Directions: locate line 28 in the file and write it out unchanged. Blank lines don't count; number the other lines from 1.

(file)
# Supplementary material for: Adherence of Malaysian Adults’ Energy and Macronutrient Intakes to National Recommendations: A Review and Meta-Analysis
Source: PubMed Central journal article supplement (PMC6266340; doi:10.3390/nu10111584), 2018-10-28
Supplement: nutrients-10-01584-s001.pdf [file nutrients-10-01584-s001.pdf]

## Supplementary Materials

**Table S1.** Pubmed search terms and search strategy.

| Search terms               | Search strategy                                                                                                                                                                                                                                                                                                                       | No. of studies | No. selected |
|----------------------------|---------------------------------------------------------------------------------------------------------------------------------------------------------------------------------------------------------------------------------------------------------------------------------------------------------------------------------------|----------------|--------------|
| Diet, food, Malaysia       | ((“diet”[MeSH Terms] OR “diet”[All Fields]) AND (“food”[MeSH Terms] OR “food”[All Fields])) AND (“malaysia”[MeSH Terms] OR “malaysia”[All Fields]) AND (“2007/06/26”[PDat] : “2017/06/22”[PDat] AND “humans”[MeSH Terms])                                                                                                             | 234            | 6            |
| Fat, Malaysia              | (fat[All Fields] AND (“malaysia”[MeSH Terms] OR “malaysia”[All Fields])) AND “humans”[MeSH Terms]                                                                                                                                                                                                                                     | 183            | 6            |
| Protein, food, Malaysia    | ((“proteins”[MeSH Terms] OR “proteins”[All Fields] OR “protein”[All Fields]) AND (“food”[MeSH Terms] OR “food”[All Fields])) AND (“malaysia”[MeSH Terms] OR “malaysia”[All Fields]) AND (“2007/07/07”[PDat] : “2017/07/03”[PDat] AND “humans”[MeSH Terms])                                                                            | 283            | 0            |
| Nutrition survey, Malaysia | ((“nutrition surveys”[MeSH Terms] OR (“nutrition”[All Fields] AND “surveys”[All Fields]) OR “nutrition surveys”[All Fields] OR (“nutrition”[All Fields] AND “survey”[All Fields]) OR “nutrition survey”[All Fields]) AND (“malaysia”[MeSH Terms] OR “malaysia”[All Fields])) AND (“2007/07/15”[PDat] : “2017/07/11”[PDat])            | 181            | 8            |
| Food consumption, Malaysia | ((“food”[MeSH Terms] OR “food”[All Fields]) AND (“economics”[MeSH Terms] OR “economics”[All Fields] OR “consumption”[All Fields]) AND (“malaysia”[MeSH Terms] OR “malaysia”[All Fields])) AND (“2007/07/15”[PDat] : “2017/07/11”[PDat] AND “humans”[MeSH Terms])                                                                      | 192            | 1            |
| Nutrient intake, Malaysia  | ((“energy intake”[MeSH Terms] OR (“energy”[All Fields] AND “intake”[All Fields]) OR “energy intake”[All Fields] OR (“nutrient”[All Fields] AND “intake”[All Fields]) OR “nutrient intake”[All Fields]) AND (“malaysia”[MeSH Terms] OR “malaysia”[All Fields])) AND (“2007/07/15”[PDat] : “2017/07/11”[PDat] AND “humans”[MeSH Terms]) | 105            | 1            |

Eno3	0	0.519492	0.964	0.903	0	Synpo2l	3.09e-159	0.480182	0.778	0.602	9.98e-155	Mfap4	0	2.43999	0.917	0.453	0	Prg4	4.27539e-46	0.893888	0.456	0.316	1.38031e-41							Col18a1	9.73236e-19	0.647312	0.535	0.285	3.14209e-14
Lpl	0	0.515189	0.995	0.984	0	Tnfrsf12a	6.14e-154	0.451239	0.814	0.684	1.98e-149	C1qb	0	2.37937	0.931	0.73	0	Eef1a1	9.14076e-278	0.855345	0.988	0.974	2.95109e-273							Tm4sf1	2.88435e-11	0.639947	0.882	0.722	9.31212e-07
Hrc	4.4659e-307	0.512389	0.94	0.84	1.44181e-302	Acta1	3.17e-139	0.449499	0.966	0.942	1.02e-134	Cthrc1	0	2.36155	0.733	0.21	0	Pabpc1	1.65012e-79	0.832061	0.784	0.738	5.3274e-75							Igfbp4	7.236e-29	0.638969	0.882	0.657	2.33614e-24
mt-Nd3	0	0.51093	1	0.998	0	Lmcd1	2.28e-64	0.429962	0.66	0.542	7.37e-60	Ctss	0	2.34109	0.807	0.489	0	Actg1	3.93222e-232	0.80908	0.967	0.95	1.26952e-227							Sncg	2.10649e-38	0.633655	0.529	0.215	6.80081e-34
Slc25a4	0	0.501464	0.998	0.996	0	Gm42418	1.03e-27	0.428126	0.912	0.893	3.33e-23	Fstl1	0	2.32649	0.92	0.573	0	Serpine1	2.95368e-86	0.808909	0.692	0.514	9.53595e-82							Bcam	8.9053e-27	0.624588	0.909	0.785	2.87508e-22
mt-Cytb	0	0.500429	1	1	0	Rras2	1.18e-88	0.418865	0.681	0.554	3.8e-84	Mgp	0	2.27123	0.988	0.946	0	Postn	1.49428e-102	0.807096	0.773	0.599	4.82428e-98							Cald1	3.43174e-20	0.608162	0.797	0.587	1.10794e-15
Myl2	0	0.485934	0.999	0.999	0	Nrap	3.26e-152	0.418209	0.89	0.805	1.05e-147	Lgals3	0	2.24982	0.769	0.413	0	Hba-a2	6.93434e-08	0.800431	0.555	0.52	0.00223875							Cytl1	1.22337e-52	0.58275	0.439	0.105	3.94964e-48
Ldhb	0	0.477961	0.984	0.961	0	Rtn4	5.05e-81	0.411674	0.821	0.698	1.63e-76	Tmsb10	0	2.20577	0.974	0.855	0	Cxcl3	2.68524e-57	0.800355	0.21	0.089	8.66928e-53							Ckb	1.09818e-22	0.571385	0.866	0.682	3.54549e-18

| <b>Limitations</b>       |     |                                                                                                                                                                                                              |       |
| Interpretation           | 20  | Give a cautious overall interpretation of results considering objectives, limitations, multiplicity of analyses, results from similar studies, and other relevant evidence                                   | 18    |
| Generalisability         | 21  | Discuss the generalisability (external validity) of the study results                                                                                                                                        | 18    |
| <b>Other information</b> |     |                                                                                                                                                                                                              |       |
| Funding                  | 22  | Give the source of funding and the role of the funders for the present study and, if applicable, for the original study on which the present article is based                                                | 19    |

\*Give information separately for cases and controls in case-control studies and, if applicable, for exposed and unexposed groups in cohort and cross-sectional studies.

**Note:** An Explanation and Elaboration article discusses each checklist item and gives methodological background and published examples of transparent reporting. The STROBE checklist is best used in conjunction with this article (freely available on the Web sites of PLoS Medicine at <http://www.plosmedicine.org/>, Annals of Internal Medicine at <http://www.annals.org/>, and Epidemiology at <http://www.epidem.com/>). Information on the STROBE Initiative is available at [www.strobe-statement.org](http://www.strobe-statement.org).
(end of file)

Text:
**Note:** An Explanation and Elaboration article discusses each checklist item and gives methodological background and published examples of transparent reporting. The STROBE checklist is best used in conjunction with this article (freely available on the Web sites of PLoS Medicine at <http://www.plosmedicine.org/>, Annals of Internal Medicine at <http://www.annals.org/>, and Epidemiology at <http://www.epidem.com/>). Information on the STROBE Initiative is available at [www.strobe-statement.org](http://www.strobe-statement.org).